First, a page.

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Along Comes Willie Mays and Hank Aaron

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Another foundational element that served Ellington well throughout his life, Cohen explains, was his well-founded reputation as a musical genius.  There were many such geniuses in Ellington’s day, of course, but none of them were ever effectively branded as such. Here, the 13-year business relationship with promoter/song publisher Irving Mills, at the beginning of Ellington’s career as a bandleader, is critical. Although that partnership was relatively short-lived, and Mills didn’t act ethically every step of the way,  his acumen at positioning Ellington’s compositional inventiveness as the marketable difference above the other bandleaders of the swing era created the Ellington brand identity.


Mills’ efforts helped give Ellington’s music a cachet of elegance and distinction previously associated only with classical music, never with pop (and certainly not with any black pop). Of course, the music itself had a little bit to do with that, but Mills helped create a framework for audiences to receive Ellington’s music as more than just dance fare, which drove up his radio and concert appearances and favorable media coverage. Like his refined upbringing, the image of Ellington being “beyond category” helped propel his stardom across the globe and across generations (indeed, that phrase became the title of a popular Ellington primer and more than one collection and retrospective on his work).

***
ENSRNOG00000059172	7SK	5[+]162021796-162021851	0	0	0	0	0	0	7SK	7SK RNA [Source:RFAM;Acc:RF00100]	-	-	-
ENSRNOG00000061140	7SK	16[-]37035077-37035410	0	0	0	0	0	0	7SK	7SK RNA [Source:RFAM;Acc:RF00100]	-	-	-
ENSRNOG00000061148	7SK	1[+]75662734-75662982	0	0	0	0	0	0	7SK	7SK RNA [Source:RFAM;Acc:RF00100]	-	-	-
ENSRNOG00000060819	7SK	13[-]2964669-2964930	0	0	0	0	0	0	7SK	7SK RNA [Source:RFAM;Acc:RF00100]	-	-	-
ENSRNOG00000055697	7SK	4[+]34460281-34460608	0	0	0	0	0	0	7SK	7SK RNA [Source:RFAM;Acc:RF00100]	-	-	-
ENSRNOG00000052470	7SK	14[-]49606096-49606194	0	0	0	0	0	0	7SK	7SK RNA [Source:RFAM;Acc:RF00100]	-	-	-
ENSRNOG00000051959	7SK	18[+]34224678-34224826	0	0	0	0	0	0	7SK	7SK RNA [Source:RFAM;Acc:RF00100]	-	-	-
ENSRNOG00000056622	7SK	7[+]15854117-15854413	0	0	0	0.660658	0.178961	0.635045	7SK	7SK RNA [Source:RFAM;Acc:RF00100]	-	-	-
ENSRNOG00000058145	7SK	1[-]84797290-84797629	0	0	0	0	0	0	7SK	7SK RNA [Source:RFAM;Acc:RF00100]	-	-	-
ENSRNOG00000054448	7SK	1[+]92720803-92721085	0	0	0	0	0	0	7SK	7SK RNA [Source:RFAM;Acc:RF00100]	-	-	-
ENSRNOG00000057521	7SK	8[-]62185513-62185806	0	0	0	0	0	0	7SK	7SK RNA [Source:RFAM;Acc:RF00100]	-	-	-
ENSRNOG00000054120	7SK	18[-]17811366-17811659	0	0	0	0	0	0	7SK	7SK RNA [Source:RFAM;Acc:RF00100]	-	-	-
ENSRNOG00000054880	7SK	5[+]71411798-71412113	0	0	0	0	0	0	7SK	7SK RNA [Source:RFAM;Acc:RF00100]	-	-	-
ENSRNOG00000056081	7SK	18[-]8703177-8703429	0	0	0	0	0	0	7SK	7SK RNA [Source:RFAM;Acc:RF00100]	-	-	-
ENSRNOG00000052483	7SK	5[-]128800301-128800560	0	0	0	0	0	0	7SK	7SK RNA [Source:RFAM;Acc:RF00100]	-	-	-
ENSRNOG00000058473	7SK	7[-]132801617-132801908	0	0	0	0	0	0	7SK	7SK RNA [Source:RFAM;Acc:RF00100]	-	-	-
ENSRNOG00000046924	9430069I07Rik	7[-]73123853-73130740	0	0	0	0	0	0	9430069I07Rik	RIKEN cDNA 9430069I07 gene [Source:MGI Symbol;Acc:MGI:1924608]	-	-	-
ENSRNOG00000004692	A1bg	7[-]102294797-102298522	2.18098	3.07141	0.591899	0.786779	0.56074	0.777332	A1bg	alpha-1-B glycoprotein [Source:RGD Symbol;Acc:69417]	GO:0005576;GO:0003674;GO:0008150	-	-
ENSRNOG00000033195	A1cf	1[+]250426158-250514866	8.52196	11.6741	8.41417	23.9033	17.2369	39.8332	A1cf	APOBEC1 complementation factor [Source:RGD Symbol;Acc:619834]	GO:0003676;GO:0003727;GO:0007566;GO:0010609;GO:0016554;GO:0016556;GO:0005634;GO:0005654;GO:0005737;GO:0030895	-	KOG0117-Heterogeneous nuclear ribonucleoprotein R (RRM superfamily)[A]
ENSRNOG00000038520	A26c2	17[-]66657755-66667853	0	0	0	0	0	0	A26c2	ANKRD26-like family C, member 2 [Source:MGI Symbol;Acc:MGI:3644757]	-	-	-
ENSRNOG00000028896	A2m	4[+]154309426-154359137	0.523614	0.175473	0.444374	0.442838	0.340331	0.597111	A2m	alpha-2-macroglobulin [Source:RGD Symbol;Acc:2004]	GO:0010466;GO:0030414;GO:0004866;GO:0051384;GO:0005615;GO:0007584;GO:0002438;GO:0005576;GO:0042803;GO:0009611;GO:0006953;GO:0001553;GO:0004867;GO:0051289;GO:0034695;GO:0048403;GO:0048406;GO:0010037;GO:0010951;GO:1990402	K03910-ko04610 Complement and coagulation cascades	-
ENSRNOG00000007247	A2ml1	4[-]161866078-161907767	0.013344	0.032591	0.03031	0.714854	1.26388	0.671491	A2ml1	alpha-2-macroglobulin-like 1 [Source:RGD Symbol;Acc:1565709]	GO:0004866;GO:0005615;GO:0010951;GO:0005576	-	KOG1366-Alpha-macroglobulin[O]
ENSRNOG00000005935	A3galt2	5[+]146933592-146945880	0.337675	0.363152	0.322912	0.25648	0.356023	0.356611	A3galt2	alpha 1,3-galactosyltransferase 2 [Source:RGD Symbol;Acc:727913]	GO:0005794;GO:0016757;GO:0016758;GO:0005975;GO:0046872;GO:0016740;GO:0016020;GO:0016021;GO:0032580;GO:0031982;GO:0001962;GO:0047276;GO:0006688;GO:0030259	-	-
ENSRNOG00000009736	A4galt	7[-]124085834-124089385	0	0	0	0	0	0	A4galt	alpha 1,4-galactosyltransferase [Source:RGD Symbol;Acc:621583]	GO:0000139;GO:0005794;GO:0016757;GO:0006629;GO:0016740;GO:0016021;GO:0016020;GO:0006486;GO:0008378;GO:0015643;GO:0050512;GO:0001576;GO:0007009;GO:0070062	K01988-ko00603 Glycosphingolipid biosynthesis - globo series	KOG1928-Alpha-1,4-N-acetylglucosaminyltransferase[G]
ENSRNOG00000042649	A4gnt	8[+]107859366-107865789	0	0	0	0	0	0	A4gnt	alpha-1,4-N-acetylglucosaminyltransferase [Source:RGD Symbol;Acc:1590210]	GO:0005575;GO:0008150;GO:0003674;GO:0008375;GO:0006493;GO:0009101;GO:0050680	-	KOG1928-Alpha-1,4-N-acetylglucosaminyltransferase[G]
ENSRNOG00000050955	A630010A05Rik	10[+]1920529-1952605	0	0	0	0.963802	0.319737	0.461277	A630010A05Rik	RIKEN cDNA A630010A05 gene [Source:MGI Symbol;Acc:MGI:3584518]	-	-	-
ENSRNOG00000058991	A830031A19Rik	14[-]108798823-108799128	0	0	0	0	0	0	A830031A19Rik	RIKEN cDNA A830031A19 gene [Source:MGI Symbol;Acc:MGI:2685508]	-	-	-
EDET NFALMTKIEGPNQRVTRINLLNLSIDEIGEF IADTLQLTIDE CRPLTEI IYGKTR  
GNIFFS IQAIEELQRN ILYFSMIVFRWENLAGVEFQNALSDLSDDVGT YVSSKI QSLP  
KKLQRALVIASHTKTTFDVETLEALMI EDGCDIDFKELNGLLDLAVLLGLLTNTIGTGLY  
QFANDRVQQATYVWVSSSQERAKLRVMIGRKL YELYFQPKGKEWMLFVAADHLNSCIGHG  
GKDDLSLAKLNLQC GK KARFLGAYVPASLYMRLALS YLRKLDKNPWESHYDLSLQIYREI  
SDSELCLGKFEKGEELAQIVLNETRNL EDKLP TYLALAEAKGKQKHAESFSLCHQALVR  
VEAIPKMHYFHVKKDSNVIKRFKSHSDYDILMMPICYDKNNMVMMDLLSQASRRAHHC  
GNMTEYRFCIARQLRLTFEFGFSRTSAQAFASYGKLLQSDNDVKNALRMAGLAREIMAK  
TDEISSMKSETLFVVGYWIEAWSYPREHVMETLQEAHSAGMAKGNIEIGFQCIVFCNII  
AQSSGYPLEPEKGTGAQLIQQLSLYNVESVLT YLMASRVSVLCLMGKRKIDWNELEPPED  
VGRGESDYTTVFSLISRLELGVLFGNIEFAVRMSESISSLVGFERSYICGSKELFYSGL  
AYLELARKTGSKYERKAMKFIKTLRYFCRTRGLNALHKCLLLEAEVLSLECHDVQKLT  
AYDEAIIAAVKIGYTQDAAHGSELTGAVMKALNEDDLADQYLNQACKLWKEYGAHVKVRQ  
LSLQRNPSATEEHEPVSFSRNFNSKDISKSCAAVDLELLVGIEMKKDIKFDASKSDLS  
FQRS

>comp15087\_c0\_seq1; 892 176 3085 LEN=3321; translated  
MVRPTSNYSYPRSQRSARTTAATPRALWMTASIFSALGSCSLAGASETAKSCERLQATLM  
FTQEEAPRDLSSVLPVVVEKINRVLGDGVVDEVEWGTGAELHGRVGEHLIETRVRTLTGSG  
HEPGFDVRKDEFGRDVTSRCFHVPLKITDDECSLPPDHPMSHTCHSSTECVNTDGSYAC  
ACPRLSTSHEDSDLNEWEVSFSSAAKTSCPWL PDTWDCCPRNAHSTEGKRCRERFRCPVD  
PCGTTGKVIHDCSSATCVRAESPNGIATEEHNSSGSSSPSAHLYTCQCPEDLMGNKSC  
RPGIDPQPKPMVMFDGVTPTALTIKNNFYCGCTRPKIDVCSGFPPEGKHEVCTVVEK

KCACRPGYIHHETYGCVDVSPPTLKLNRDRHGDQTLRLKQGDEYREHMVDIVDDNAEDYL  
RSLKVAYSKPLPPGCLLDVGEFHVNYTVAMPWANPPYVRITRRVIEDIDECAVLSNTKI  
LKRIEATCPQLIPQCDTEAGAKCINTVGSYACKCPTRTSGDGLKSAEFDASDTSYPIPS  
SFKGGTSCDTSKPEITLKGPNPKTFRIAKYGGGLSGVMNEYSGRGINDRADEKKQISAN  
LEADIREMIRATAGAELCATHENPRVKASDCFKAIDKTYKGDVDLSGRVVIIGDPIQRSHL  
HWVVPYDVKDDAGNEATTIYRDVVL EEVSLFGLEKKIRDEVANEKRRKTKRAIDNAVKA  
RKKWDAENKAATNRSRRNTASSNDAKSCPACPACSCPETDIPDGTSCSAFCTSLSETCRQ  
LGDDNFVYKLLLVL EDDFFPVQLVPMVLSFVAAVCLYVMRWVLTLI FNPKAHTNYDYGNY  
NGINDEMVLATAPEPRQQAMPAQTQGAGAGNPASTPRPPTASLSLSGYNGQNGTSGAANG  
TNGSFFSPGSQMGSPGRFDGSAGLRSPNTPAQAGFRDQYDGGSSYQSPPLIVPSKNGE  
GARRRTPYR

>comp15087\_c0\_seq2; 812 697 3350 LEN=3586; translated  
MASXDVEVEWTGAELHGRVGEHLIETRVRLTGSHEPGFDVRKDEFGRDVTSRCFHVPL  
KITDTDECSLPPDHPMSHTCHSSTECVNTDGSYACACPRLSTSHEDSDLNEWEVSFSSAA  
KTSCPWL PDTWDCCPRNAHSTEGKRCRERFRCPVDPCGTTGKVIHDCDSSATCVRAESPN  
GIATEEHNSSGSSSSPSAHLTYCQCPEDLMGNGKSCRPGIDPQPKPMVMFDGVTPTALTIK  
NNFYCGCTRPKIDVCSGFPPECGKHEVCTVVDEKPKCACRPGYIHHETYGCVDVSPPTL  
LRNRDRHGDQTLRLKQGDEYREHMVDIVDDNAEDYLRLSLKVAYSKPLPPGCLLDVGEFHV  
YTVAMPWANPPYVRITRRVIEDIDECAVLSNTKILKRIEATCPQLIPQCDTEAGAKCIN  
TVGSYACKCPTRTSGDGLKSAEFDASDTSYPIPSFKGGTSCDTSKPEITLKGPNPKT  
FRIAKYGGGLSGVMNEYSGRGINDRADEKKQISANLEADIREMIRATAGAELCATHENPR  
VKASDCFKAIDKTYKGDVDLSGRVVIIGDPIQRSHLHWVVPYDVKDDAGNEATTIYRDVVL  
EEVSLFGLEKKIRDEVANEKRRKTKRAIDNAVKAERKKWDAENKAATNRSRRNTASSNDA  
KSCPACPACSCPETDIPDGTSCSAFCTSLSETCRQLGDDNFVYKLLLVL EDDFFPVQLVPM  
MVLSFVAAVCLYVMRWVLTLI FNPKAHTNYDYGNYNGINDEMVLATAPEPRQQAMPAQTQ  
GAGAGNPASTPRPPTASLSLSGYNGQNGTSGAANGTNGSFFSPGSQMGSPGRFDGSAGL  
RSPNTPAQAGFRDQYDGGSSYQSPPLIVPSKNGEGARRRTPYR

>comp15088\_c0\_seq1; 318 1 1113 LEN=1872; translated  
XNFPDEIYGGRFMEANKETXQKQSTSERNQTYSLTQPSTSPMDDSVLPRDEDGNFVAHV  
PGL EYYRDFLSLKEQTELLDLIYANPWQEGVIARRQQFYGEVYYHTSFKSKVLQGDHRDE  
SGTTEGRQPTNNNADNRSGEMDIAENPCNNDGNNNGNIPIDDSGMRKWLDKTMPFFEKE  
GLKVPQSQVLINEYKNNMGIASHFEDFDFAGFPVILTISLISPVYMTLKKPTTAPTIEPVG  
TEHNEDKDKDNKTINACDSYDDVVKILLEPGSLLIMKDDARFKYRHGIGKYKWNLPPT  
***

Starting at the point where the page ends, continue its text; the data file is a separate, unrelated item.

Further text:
With Cohen’s valuable contribution to our knowledge of how all that great music happened, Ellington now shares something in common with the likes of John Wayne and Ronald Reagan: a book that sees his life within the arc of American history, and vice versa.

Cohen is surprisingly generous toward Ellington in the ‘60s. It’s not that this period doesn’t deserve deeper attention; indeed, most basic appreciation of his work ends in the ‘40s, neglecting that he alone kept a big band operating more or less continually for another 30 years after swing’s heyday (and Cohen goes into much detail about the financial aspect of that Herculean ordeal). But jazz had long since evolved away from big bands for cultural and economic reasons, and by the ‘60s Ellington was a breed apart from the music’s standard-bearers (a session with John Coltrane and a trio date with Charles Mingus and Max Roach notwithstanding). Nonetheless, Ellington created several major long-form works during the last decade of his life, music that got subsumed amidst the maelstrom of free jazz and electrified fusion but has gained appreciation over time. Cohen overreaches to suggest that Ellington was a ‘60s counterculture hero because he dared to dress and wear his hair as he felt like, but his excavation of these years, the closest the book gets to the straight-ahead momentum of a biography, will send the casual Ellington fan off in search of this “new” music.